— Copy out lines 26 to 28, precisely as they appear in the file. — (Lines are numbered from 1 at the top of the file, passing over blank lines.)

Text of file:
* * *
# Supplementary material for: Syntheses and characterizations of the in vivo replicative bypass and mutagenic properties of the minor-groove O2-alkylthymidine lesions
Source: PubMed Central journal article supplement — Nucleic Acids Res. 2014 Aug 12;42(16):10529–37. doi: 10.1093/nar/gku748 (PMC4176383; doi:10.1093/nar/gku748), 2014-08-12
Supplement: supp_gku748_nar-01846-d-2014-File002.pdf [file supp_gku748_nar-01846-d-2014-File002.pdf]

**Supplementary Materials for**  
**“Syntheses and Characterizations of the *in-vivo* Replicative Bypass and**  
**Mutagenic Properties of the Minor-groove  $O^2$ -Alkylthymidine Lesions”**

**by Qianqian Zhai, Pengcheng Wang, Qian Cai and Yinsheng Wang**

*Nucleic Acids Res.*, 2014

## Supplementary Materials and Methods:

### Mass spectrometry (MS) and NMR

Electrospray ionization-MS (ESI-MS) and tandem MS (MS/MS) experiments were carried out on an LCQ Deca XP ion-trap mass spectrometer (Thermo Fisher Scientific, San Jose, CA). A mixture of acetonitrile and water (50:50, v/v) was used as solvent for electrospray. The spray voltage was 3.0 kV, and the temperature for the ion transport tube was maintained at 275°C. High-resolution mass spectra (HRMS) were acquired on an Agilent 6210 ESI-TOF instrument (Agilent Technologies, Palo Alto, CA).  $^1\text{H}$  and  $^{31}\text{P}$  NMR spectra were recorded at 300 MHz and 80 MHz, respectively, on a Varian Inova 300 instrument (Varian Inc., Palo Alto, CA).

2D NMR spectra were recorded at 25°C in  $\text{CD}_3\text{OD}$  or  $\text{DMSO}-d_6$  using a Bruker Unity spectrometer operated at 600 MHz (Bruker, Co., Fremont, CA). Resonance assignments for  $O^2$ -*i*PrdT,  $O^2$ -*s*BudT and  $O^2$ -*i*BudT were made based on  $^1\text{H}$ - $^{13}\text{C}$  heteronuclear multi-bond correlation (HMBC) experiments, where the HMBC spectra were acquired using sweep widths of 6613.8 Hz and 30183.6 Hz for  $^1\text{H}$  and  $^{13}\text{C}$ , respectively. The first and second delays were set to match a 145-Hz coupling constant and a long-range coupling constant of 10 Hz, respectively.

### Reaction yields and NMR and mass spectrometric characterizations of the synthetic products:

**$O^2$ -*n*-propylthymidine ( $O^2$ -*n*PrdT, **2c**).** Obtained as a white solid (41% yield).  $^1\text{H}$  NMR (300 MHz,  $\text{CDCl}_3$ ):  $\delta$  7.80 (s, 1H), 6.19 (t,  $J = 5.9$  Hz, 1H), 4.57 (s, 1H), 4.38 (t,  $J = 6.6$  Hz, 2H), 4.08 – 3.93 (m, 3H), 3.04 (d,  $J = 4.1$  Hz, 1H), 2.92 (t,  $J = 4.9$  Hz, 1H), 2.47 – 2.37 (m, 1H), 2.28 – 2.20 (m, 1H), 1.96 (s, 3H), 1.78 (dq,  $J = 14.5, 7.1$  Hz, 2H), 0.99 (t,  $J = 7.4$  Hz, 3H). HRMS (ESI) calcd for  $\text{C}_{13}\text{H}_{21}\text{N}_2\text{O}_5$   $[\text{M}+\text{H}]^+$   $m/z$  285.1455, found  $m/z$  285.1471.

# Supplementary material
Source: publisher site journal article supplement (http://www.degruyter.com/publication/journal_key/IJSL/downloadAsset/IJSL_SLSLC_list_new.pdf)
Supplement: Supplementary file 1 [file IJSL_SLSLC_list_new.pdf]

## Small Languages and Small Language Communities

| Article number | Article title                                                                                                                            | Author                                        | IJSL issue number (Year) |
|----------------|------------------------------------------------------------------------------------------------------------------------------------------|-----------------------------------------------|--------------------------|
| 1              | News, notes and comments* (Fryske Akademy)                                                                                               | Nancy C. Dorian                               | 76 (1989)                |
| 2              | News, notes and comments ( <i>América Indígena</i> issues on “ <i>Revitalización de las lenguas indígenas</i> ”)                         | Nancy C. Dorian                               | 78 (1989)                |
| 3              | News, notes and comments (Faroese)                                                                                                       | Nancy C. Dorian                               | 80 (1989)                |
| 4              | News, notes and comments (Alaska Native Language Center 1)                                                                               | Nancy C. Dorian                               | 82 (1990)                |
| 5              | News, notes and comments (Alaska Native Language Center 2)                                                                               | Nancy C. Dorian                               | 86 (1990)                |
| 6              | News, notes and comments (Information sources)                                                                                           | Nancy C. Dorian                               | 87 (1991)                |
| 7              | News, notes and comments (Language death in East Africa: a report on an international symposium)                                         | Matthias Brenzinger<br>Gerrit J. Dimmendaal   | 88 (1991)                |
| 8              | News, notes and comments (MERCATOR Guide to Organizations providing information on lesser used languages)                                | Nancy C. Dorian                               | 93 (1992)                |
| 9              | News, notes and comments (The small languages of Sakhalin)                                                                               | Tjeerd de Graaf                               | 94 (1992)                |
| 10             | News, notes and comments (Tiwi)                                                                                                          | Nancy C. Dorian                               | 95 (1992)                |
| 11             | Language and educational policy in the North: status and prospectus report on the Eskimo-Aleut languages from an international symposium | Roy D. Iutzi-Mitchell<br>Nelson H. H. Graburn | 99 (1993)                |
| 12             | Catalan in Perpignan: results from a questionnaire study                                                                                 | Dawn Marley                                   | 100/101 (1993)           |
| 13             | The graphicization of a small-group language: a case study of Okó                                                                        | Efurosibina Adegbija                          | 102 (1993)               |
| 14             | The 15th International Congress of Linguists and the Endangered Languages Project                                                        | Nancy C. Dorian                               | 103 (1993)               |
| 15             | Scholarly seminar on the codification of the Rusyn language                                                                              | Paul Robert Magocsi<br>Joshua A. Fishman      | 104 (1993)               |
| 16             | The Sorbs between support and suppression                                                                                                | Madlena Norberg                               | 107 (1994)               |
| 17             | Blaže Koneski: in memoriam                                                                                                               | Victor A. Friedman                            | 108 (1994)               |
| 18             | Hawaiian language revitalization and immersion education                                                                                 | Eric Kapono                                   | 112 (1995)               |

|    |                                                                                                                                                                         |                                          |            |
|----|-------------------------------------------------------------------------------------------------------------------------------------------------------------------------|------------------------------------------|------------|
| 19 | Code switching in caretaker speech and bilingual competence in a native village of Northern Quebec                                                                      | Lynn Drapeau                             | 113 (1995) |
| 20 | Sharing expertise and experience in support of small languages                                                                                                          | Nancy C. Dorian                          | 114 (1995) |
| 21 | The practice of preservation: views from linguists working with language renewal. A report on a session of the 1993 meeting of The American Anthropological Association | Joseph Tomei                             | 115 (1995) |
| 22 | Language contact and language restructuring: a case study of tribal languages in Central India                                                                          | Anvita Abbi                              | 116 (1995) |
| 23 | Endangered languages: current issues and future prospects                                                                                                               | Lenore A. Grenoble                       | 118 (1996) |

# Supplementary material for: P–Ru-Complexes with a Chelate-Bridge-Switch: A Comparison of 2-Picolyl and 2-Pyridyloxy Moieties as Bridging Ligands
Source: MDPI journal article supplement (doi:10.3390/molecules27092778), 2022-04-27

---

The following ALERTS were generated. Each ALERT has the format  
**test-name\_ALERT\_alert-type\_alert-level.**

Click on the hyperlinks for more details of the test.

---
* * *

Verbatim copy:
| 6              | News, notes and comments (Information sources)                                                                                           | Nancy C. Dorian                               | 87 (1991)                |
| 7              | News, notes and comments (Language death in East Africa: a report on an international symposium)                                         | Matthias Brenzinger<br>Gerrit J. Dimmendaal   | 88 (1991)                |
| 8              | News, notes and comments (MERCATOR Guide to Organizations providing information on lesser used languages)                                | Nancy C. Dorian                               | 93 (1992)                |